Key Takeaways From Oracle India Summit 2019
The spotlight was on new innovation in cloud, adding AI/ML to every business processes, thriving on partnerships and being more customer-centric in approach.
Oracle was late to enter the cloud, but the company has transformed itself in the last few years and is focusing on growing its cloud network to build end-to-end cloud solutions. Oracle launched cloud services in 2012, later than its peers Amazon Web Services in 2006 and Microsoft Azure in 2010. The key differentiator seems to be the vision of Chairman and CTO Larry Ellison in building the “world’s first truly autonomous cloud,” to sustain in the already saturated cloud market. The result is Oracle database, infrastructure, and other IT services that are more secure, reliable, flexible, and cost-efficient than its competing cloud services. While globally Oracle Cloud powers over 25000 customers in 175 countries, India certainly is a key growth market for Oracle as the company has time and again highlighted how Oracle Cloud is empowering thousands of customers in the country across large and midsize firms.
In its recently concluded Oracle India Summit 2019, the spotlight was on new innovation in cloud and the discourses revolved from adding intelligent capabilities (AI/ML) to SaaS models, thriving on recent partnerships (Microsoft and VMware) and being more customer-centric in approach through effective brand campaign. Here are some of the key takeaways of Oracle India Summit.
# 1. Gen2 Cloud powers the enterprise
Oracle unveiled its first India data center in Mumbai touting it Gen 2 Cloud region, which would be followed by another one in Hyderabad by early next year. The company revealed that the expansion is in sync with Oracle’s plans to add 20 new Gen 2 Cloud data centers globally by the end of 2020.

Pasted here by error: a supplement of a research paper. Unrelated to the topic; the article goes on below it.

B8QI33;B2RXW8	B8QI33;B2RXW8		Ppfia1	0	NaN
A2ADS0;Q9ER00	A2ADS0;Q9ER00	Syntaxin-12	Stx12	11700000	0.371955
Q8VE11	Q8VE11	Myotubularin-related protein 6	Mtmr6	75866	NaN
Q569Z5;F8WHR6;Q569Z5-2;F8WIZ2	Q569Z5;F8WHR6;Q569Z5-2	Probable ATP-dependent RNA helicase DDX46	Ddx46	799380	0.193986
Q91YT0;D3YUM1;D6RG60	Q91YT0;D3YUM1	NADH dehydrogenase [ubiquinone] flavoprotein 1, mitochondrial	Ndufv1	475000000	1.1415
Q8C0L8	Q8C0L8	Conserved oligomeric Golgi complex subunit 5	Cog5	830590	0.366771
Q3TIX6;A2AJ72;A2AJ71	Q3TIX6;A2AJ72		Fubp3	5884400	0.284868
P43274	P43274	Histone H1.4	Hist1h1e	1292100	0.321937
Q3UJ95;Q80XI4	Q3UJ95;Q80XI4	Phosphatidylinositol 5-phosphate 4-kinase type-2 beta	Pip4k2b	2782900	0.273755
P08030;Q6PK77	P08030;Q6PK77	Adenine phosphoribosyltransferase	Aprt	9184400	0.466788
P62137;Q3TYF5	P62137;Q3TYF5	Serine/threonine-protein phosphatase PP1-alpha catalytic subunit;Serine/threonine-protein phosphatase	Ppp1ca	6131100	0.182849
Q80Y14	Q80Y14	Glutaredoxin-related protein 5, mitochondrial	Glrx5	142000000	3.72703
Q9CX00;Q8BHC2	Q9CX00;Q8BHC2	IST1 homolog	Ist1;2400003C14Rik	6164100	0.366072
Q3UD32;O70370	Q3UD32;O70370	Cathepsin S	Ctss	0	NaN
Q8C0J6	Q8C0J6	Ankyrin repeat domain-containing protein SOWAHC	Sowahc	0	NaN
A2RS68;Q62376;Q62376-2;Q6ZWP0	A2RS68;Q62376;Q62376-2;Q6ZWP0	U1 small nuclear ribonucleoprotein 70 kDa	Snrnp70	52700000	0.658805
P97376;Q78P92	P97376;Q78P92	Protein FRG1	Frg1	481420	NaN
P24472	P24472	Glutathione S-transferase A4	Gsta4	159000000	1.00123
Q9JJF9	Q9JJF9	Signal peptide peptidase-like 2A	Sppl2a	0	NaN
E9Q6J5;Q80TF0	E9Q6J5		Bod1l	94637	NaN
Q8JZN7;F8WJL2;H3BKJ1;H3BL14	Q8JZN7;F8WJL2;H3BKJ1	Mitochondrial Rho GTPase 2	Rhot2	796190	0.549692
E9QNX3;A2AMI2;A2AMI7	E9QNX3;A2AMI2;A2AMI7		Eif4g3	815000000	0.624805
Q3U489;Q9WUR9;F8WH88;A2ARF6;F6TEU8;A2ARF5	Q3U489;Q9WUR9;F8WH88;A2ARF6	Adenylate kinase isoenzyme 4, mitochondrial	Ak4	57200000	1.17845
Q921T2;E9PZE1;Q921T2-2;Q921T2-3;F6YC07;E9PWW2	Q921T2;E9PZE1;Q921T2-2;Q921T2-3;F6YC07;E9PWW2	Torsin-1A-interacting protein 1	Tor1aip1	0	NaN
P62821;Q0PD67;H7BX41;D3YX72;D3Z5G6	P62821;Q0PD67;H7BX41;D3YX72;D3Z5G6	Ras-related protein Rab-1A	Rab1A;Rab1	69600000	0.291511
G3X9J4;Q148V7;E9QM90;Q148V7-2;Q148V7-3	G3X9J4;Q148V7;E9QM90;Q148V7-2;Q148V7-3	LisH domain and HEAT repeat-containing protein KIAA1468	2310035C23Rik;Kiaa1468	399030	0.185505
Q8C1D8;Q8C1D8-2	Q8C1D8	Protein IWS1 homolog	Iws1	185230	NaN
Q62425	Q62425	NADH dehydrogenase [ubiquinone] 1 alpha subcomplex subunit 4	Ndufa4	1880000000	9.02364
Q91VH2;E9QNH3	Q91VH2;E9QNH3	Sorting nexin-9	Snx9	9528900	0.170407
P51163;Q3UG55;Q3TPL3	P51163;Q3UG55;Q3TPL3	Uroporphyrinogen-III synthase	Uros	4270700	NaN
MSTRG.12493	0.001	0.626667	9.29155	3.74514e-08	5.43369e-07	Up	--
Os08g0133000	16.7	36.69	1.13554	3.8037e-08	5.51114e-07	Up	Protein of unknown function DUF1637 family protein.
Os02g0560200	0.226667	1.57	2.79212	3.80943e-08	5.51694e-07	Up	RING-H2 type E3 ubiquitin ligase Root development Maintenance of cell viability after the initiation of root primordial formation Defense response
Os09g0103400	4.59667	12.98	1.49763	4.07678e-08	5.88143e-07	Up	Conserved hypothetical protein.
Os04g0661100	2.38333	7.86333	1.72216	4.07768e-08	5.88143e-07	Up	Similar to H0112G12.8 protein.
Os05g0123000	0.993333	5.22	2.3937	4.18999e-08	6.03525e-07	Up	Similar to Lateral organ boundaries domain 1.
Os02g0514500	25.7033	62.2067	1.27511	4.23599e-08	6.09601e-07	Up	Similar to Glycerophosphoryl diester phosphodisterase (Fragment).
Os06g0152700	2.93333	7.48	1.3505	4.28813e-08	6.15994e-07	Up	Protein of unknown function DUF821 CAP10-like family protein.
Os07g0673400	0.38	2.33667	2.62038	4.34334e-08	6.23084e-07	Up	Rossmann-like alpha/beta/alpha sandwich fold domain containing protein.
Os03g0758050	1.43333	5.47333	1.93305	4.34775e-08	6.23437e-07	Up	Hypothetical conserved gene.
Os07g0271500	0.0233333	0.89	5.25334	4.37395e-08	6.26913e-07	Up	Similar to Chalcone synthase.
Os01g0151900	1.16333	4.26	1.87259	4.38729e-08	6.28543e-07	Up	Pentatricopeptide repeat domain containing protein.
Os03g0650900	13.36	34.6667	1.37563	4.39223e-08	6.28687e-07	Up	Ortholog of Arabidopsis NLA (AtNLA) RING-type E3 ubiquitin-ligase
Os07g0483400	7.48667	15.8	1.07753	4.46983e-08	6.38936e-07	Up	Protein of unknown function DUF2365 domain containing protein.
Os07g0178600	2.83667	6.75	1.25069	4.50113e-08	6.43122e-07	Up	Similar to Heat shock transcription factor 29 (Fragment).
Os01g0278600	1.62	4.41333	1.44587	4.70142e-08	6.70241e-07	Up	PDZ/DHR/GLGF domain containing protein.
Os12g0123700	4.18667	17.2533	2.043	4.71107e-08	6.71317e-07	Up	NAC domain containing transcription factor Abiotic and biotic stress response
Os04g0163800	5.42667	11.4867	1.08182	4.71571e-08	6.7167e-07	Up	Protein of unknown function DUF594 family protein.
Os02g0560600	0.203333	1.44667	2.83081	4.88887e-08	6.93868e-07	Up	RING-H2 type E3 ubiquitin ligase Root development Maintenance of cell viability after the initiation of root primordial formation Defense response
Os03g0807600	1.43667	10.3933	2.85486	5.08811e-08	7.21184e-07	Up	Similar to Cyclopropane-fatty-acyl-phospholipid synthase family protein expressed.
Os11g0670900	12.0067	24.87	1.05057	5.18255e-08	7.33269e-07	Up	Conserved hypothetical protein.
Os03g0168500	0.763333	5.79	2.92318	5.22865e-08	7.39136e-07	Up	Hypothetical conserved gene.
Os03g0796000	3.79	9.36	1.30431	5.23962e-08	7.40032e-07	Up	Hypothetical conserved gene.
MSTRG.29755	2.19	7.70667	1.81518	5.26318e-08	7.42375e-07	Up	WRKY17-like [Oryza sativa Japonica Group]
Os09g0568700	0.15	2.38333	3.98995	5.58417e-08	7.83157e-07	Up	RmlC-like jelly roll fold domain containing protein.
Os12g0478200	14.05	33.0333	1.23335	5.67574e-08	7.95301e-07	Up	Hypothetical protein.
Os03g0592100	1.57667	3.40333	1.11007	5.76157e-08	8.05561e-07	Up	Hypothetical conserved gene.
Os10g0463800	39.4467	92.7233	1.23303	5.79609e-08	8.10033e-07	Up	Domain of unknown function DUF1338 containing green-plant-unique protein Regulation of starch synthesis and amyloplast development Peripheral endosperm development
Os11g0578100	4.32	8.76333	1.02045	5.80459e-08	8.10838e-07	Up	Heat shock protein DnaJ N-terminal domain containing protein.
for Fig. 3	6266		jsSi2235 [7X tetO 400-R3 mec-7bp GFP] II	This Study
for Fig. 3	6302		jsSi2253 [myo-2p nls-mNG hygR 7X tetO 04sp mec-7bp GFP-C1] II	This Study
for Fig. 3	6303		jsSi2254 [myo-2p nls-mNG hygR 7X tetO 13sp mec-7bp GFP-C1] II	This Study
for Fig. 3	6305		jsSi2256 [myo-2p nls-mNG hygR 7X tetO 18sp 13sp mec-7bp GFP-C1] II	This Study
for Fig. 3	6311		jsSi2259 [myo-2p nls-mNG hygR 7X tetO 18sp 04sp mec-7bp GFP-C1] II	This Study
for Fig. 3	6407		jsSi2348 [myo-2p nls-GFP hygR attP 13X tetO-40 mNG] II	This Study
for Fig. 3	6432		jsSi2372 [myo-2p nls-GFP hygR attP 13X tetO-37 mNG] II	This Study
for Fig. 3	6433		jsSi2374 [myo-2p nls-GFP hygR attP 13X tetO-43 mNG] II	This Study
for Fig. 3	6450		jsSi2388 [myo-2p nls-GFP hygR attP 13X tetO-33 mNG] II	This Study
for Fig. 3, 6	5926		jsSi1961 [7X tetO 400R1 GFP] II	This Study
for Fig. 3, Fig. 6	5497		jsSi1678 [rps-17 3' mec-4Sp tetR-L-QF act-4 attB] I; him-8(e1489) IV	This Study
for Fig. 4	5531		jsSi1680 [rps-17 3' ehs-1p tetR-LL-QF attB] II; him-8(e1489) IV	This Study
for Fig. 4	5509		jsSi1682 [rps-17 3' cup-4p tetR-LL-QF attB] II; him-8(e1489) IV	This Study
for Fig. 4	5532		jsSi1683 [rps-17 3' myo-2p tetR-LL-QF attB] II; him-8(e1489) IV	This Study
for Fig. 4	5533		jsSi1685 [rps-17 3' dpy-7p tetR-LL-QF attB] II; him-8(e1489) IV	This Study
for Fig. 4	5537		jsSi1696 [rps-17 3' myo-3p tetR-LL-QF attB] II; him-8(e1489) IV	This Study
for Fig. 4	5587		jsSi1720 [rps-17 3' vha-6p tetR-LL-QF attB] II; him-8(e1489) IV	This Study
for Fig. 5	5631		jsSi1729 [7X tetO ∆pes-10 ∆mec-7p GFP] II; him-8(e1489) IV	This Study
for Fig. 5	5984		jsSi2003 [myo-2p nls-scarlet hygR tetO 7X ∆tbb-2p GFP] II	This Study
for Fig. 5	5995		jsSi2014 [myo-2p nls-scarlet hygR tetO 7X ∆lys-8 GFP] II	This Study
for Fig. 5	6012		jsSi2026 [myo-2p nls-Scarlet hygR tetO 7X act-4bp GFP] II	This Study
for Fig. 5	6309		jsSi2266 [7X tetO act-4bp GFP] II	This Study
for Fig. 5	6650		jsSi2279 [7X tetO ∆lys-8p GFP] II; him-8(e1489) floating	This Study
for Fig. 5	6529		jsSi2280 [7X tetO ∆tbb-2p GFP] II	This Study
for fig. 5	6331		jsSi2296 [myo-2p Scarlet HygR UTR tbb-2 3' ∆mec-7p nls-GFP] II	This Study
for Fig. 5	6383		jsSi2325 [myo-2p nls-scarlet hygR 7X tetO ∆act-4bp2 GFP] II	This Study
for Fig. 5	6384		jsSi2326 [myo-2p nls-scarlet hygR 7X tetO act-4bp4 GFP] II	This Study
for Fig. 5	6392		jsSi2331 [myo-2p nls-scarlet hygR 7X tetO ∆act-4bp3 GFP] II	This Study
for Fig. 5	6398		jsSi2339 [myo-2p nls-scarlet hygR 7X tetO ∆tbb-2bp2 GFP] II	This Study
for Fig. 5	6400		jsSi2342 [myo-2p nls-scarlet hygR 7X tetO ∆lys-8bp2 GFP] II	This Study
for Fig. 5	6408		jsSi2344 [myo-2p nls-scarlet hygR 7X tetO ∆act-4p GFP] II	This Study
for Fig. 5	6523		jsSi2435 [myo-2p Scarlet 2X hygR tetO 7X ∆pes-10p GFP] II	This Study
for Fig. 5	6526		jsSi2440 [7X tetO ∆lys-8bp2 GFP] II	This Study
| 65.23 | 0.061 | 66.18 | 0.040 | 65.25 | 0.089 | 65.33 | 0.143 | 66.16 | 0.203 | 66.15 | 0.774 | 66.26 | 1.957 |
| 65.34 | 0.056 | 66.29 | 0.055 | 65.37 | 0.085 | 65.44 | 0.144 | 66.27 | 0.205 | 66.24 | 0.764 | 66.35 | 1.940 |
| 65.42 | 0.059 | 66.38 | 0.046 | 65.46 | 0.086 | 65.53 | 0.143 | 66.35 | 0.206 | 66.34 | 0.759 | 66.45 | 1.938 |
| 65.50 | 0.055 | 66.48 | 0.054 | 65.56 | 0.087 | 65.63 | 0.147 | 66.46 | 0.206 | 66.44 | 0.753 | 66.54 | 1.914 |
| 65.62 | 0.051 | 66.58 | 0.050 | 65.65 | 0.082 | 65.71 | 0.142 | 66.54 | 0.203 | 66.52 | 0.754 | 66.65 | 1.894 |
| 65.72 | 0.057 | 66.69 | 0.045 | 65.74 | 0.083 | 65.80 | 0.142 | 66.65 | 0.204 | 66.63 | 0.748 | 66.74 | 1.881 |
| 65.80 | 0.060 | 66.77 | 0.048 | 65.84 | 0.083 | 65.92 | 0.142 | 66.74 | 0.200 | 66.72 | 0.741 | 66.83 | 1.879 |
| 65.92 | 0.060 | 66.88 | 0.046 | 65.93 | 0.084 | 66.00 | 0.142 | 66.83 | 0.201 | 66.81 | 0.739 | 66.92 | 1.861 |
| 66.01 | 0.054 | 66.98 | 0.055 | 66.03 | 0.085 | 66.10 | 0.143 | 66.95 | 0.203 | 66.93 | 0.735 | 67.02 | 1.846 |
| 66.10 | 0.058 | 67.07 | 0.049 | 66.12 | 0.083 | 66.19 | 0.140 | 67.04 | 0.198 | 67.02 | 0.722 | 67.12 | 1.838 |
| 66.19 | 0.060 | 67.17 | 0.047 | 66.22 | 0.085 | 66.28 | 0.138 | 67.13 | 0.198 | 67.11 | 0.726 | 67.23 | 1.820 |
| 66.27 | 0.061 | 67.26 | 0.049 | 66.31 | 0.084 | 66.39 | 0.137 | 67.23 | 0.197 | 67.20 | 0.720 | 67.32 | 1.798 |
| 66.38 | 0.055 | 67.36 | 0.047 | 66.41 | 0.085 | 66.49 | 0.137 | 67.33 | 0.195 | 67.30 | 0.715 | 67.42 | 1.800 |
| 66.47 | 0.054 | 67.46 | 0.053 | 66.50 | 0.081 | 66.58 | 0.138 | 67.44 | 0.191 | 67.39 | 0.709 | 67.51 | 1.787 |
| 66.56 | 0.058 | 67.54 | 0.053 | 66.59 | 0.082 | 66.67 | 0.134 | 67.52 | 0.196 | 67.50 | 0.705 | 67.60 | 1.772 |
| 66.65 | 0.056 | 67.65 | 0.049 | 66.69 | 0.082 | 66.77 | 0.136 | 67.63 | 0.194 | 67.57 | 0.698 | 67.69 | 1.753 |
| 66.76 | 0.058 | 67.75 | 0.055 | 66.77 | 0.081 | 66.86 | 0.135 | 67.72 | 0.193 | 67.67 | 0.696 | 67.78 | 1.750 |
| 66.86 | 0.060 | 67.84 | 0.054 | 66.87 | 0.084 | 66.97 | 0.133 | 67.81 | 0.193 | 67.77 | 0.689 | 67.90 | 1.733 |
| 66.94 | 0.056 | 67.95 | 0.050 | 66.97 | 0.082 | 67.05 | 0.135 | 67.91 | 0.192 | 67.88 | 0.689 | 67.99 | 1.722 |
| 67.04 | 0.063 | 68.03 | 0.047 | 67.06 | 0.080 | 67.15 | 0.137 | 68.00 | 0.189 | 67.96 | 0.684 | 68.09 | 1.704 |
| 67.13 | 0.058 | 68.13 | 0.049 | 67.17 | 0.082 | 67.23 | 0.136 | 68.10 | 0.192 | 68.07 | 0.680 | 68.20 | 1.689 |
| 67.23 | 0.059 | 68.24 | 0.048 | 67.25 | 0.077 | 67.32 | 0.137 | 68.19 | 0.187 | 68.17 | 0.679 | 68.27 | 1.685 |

Oracle’s cloud infrastructure includes autonomous database, AI-based applications, ML-integrated security, automated analytics, and a broad range of high-performance cloud infrastructure services.
“Our Gen 2 Cloud is the only modern, secure, enterprise-grade cloud that provides customers a strong foundation to unlock innovation faster and drive new business growth,” said Shailender Kumar, Regional Managing Director, Oracle India, emphasizing the importance for data localization and storing cloud data locally in India.
“With a stronghold in government and large enterprises, Oracle is betting on expanding rapidly in India with the help of a local data centre. Indian data center has already become the fastest growing cloud data centre for Oracle globally even as the company officially opened it up for all customers,” explained Kumar.
Oracle has signed up over 100 customers have already signed up for the new cloud region, including some of the large banks like HDFC Bank, Federal Bank, and Vysya Bank as clients for its India data center. The data center will act as a direct competitor to AWS, Google, Microsoft and IBM.
“We look forward to help customers migrate to Oracle Cloud seamlessly as they look to scale their business for the experience economy,” said Kumar.
# 2. Autonomous cloud database at the helm
Companies are increasingly looking at business productivity, cost efficiency and innovation with Oracle Autonomous Cloud Database. Steve Daheb, SVP of Oracle Cloud, sees the most important benefits from autonomous systems will come from eliminating human errors. In cars, this can mean avoidance of errors that can cause accidents, and in technology, it can mean eliminating common user errors that can expose data to hackers. The combination of Oracle database, infrastructure, and other IT services result in systems that are more secure, reliable, flexible, and cost-efficient than competing cloud services.